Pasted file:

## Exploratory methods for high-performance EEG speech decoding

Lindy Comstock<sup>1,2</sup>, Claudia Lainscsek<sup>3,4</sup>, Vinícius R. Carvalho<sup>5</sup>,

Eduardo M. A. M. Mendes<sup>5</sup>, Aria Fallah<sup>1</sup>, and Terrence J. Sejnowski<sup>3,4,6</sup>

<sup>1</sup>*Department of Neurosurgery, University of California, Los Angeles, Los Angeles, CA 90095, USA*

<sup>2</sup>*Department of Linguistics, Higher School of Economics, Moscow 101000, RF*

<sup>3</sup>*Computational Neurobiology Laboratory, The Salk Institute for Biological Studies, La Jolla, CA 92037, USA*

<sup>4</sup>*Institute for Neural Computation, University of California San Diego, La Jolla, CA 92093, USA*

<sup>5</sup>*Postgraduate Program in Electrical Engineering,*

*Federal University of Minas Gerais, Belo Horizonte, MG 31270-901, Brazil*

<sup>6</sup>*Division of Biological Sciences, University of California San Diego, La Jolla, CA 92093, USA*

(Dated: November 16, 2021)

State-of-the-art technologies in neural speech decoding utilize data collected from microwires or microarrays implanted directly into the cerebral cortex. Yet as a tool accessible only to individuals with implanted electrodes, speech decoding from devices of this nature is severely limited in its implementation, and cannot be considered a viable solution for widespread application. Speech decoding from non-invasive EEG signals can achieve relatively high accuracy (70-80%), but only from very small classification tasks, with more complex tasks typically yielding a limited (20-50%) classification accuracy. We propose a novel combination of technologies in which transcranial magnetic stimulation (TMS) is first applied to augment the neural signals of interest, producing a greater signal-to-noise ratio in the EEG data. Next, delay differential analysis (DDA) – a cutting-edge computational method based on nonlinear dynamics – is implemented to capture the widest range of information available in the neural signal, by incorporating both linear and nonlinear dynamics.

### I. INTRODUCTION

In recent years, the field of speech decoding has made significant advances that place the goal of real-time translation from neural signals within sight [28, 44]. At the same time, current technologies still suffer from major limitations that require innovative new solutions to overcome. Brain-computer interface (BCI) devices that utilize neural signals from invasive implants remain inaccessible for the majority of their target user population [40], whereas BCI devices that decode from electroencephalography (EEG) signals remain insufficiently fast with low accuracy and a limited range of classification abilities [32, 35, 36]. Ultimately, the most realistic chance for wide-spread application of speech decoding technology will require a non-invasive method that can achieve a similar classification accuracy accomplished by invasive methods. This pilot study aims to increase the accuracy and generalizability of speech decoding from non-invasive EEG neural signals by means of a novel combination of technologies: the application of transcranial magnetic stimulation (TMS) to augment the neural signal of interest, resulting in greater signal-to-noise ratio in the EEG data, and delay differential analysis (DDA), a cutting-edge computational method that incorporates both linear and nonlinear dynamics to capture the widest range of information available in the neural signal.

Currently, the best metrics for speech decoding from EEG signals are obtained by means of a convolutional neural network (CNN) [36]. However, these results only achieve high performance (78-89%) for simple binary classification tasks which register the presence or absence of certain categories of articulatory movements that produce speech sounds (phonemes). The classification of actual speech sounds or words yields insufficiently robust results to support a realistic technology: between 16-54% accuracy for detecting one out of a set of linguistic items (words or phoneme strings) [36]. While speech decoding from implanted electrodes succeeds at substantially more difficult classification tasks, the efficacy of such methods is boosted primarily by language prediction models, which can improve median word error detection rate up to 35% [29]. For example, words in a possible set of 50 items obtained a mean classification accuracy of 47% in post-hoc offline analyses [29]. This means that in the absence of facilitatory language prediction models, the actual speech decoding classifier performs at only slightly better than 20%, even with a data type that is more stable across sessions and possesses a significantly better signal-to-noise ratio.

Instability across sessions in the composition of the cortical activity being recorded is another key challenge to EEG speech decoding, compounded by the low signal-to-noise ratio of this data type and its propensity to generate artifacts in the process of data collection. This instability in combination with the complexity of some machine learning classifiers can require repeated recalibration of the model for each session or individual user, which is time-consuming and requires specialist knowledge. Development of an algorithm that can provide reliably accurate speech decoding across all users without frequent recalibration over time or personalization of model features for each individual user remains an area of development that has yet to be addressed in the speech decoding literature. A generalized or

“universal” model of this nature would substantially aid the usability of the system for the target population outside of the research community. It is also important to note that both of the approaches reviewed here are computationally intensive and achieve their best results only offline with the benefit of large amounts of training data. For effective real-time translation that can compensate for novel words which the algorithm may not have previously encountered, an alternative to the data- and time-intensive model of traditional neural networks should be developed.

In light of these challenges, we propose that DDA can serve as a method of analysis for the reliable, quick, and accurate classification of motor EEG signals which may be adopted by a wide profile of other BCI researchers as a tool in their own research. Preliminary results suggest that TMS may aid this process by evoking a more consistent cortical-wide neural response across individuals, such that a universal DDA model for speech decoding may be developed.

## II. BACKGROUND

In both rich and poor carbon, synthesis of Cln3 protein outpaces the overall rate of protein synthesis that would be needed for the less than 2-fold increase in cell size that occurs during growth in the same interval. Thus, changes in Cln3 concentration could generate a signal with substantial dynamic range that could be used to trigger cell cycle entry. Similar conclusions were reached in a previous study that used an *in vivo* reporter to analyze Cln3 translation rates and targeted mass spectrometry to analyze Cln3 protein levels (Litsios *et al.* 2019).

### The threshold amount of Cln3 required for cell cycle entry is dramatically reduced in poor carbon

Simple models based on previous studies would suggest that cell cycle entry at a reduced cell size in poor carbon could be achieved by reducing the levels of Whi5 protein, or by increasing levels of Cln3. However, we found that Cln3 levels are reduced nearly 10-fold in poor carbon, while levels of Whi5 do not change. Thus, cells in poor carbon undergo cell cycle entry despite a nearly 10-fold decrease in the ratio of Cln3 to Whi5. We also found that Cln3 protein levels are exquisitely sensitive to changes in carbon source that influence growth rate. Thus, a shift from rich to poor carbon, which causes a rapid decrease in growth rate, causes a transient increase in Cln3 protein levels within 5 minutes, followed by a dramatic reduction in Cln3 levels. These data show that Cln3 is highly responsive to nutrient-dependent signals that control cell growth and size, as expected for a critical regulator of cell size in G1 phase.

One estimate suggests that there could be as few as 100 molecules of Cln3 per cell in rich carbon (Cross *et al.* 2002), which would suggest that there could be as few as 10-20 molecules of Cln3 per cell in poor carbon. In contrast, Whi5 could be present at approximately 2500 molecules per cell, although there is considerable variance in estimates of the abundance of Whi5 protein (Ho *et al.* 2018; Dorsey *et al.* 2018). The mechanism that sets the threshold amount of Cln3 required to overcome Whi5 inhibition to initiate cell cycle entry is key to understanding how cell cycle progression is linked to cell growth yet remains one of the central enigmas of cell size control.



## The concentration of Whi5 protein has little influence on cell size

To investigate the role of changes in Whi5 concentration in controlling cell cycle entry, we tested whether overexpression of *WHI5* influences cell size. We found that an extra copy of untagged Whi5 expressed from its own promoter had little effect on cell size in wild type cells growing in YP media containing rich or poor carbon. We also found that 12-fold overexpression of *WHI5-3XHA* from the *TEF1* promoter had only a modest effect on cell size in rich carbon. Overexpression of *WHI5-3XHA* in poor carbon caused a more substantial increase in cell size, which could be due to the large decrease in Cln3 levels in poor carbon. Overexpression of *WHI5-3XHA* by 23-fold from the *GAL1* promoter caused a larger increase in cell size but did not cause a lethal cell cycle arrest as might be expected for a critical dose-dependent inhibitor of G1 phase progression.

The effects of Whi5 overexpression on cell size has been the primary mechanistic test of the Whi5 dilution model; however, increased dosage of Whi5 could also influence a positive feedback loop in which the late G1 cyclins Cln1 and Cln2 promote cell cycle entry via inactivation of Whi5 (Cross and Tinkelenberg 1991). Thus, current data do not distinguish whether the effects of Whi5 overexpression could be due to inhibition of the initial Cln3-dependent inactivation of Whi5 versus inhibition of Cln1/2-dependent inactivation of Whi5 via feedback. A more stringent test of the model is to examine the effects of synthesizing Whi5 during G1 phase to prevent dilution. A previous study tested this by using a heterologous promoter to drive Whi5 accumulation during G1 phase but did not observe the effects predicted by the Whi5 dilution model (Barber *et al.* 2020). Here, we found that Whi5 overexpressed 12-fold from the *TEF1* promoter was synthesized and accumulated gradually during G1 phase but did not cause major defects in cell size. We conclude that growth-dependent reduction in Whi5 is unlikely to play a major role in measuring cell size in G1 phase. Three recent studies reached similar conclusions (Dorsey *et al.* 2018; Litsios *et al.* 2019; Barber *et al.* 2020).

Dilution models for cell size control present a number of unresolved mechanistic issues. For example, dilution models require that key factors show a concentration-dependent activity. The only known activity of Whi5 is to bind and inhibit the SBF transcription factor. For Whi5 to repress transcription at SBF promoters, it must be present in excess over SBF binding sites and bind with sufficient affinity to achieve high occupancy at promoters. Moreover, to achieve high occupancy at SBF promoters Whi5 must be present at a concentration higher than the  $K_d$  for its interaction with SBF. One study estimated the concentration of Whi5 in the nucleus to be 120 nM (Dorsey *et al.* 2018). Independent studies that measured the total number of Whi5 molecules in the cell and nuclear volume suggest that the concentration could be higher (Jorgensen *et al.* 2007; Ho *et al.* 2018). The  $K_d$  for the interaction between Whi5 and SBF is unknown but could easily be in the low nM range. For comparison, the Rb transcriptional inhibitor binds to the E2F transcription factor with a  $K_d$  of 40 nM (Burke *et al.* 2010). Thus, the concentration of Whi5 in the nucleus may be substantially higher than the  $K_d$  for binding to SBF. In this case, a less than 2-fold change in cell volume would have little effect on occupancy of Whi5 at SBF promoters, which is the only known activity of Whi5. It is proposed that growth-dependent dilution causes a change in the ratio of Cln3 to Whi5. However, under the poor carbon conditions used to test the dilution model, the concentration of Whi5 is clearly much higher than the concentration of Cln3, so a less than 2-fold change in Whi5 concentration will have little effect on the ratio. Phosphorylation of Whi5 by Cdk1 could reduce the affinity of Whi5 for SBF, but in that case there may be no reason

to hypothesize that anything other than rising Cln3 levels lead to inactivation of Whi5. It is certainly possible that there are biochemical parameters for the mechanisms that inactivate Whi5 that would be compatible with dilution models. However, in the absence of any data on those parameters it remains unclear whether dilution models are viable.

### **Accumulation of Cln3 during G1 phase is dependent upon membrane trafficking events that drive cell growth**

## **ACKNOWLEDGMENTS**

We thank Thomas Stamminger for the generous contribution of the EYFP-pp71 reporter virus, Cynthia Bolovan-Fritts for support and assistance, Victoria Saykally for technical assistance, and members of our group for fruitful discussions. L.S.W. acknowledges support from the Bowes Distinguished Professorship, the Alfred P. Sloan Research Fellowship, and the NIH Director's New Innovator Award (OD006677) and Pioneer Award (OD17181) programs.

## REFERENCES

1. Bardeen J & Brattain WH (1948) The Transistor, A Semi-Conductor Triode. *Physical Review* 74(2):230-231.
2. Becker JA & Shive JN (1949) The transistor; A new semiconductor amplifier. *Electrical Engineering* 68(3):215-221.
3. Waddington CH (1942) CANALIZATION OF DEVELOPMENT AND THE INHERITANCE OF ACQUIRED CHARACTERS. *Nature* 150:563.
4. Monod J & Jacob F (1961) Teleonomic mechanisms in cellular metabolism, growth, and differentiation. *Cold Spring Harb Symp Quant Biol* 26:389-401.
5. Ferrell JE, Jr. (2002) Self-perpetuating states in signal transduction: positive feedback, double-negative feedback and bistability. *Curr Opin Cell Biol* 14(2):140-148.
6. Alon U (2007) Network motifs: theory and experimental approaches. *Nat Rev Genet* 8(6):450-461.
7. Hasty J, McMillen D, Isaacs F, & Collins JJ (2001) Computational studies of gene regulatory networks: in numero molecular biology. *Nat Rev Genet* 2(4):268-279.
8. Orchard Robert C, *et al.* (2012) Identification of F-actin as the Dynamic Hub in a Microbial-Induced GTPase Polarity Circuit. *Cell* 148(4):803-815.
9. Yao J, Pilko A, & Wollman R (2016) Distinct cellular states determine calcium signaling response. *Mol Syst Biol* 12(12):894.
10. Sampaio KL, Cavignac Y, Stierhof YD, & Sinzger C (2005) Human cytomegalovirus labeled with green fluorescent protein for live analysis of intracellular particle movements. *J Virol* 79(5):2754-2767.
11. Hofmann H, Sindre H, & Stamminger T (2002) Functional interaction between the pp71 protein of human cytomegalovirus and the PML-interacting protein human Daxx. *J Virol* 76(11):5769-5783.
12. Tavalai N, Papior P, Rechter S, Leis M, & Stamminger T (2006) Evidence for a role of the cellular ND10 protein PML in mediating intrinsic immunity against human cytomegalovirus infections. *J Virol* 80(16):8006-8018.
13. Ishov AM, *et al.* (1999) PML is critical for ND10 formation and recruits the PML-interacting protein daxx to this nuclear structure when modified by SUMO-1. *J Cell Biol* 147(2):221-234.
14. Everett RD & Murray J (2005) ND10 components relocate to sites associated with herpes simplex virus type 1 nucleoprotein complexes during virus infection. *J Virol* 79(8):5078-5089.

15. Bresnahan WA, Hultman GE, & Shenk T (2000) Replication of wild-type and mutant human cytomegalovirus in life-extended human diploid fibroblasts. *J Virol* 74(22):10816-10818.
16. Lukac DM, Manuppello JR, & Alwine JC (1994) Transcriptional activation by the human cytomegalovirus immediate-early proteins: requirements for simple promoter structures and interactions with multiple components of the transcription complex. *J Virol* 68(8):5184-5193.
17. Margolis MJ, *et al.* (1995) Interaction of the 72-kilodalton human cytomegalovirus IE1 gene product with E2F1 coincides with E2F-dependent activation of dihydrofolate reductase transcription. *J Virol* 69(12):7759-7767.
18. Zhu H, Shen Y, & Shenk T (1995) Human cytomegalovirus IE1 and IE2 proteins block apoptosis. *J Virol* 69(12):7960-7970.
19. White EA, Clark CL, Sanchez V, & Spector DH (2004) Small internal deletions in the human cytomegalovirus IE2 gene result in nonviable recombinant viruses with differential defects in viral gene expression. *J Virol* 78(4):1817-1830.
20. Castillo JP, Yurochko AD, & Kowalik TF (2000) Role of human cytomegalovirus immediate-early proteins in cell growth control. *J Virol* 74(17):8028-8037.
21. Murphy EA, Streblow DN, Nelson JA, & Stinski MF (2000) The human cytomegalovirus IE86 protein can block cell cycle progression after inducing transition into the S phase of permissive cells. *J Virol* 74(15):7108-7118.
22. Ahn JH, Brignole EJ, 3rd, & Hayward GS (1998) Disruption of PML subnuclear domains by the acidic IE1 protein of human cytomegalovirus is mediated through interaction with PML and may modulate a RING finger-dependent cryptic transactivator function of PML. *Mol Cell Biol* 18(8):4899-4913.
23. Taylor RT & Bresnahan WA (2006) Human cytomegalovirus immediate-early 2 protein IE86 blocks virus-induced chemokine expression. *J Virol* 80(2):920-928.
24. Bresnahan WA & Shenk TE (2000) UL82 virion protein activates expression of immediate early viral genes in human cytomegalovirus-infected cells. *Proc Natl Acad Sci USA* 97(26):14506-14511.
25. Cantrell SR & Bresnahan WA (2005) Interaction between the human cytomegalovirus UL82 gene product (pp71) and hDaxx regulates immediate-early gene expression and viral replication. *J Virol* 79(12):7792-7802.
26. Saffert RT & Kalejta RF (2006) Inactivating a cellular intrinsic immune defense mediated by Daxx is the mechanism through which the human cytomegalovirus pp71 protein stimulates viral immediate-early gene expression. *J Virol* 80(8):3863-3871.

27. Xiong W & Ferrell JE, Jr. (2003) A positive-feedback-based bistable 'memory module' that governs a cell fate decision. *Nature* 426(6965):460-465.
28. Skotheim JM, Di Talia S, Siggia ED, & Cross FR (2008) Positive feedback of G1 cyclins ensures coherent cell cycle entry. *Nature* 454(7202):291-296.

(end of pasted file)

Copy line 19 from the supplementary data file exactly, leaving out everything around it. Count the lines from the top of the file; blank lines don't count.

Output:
## II. BACKGROUND